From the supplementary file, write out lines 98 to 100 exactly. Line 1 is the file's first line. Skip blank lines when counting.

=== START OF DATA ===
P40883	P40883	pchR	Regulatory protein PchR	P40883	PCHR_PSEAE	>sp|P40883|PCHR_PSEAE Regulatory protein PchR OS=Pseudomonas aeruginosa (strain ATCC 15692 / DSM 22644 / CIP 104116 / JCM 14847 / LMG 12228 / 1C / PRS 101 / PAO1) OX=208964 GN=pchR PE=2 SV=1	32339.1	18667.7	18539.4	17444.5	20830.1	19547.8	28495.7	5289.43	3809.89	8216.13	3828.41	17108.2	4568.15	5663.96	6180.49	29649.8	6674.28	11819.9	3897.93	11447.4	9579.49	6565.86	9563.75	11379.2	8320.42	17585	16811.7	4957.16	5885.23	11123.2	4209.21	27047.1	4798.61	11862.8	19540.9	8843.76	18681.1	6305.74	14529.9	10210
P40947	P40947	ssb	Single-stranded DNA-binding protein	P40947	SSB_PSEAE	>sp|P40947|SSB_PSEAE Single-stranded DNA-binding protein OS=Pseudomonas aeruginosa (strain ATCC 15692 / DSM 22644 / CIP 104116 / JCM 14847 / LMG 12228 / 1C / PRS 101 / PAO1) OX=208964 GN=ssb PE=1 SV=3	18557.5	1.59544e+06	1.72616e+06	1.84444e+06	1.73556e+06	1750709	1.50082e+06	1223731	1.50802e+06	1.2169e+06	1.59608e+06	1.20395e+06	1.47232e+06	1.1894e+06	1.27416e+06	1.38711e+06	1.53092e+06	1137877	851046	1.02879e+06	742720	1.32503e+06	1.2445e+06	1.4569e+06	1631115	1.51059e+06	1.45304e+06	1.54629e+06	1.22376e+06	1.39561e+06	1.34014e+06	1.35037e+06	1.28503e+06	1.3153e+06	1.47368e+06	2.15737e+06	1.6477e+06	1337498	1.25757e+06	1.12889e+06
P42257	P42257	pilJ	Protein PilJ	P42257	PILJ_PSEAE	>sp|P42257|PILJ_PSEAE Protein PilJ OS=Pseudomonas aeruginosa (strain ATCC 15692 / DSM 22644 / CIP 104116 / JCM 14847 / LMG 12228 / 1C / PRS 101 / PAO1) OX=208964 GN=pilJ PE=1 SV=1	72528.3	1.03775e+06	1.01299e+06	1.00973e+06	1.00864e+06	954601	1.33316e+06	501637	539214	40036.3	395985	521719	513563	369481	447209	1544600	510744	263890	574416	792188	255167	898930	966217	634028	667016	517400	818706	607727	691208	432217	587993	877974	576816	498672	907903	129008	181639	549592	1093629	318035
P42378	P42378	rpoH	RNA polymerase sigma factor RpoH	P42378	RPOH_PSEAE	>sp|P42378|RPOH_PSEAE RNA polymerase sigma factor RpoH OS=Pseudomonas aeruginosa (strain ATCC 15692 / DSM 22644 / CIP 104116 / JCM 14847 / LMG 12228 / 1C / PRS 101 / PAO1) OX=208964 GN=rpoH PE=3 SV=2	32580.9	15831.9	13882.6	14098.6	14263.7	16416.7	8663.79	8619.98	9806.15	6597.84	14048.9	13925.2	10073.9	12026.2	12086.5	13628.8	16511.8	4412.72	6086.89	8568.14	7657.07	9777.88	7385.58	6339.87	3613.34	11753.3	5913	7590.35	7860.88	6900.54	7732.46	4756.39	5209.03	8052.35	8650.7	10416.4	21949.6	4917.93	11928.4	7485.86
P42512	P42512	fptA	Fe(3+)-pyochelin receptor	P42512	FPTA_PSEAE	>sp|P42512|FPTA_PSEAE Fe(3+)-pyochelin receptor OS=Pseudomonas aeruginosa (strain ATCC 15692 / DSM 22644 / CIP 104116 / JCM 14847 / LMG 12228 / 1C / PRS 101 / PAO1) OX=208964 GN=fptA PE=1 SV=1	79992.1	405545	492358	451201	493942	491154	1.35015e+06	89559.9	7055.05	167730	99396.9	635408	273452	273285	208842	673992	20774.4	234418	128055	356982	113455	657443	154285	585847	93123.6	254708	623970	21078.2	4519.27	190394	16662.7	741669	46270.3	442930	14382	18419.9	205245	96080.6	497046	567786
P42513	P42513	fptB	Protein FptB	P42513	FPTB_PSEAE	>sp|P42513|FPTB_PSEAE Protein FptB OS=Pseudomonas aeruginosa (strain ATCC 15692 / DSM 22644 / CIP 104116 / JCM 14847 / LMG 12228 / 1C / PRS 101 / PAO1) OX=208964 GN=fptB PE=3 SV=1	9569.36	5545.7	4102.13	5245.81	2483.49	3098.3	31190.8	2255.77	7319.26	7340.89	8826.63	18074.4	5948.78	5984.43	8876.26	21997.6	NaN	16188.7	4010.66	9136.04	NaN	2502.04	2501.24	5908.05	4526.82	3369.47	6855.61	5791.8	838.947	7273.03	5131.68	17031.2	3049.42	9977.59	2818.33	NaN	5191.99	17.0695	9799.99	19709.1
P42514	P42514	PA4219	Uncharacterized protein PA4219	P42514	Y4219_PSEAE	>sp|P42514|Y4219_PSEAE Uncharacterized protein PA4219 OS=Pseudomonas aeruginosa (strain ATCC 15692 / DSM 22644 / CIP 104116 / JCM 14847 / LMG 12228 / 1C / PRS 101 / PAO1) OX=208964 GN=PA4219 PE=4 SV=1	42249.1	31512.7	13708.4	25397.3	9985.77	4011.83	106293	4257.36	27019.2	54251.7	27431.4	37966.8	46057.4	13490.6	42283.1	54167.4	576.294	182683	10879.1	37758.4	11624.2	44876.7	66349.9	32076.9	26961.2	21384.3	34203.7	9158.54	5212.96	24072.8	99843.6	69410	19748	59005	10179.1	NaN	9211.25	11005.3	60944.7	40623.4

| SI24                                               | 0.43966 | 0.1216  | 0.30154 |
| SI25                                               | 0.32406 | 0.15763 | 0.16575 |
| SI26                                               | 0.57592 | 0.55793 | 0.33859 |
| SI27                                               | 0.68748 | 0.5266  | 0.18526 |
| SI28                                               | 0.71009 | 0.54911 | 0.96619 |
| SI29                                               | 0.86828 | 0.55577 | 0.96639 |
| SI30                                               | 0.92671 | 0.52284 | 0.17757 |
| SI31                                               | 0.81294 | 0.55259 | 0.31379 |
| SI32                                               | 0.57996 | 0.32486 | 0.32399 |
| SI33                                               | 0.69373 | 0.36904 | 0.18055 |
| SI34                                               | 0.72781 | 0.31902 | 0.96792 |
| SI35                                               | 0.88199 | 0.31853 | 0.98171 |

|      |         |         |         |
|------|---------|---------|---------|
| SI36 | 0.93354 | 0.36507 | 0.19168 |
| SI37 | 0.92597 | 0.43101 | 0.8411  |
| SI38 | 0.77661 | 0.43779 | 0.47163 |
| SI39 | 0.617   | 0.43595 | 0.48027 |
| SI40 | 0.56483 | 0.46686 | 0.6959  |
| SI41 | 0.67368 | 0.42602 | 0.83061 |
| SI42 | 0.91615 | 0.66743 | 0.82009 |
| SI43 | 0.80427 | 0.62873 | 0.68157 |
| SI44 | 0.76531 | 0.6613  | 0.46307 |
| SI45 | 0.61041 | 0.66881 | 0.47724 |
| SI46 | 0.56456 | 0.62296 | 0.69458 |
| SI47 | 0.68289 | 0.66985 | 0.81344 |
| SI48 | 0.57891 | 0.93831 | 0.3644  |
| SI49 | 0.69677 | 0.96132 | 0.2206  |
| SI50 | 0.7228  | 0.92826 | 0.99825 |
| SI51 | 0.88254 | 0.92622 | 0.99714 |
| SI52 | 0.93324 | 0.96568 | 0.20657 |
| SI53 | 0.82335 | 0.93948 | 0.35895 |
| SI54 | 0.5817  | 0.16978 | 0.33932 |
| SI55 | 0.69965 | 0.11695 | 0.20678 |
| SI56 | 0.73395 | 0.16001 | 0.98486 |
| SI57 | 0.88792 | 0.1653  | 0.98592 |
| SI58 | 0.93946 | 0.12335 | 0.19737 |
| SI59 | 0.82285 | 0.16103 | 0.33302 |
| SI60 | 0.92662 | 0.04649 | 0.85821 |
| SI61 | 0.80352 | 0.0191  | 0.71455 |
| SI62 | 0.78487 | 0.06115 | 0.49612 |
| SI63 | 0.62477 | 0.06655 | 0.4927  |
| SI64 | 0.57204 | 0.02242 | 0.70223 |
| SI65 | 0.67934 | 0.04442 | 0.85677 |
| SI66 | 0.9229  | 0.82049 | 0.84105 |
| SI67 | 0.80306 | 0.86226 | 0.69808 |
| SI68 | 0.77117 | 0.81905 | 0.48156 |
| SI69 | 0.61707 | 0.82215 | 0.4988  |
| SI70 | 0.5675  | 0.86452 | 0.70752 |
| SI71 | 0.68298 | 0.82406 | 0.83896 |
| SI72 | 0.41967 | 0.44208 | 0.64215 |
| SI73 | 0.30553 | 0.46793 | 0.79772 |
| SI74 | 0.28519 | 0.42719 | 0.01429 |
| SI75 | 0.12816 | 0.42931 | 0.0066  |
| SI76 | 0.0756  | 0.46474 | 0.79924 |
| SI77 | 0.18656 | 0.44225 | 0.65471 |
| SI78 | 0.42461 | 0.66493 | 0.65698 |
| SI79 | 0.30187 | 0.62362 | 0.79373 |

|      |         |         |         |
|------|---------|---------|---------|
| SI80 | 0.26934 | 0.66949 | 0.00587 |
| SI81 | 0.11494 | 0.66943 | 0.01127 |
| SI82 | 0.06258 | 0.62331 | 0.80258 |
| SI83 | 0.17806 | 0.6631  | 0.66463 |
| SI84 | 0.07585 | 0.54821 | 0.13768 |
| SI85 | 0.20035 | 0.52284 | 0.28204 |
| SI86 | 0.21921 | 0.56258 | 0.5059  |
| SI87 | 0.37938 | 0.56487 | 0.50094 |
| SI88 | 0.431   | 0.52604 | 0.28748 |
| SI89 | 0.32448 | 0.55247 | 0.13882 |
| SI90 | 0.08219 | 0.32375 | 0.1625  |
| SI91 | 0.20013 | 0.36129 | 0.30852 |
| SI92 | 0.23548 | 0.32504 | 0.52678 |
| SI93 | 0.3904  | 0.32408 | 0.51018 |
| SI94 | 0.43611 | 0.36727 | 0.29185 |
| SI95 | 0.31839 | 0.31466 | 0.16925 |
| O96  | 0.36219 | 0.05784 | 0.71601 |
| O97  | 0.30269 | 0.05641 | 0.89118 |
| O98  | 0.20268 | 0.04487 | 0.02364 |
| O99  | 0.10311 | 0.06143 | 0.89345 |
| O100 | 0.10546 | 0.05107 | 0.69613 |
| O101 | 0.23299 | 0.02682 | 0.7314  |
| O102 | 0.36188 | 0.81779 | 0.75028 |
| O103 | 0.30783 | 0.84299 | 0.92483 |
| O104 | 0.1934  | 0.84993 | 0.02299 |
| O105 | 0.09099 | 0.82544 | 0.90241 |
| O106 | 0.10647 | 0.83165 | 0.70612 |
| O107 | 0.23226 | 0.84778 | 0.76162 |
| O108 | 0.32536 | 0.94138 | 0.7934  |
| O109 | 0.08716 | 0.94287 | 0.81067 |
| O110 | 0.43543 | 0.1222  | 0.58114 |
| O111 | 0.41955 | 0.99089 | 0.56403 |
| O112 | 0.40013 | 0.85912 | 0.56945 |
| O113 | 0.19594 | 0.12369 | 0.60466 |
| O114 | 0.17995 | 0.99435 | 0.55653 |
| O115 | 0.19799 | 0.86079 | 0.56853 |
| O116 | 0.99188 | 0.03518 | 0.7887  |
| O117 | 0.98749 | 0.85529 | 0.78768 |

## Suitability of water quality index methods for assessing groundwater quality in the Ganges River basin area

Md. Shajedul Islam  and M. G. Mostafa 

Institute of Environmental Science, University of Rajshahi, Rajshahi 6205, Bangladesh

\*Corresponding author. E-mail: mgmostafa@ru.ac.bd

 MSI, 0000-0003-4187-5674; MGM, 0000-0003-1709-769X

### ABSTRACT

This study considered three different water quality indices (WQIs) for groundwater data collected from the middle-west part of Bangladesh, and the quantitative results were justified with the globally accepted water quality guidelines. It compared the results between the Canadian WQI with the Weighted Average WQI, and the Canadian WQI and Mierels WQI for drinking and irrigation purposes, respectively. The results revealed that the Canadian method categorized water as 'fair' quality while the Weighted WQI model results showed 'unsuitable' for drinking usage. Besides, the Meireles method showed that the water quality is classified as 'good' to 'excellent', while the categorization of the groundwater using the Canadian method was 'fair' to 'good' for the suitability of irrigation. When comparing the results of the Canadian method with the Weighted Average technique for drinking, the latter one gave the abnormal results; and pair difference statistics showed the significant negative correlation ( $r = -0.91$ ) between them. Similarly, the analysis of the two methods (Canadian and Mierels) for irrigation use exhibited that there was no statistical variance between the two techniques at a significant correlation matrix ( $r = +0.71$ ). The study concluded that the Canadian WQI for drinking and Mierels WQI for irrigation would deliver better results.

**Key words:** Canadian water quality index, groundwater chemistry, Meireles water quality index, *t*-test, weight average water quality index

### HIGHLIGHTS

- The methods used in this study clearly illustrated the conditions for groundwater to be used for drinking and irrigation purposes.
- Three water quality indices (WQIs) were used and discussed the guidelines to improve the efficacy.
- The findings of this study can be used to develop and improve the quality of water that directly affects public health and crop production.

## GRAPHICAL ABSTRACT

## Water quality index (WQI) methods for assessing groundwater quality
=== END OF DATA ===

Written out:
| O110 | 0.43543 | 0.1222  | 0.58114 |
| O111 | 0.41955 | 0.99089 | 0.56403 |
| O112 | 0.40013 | 0.85912 | 0.56945 |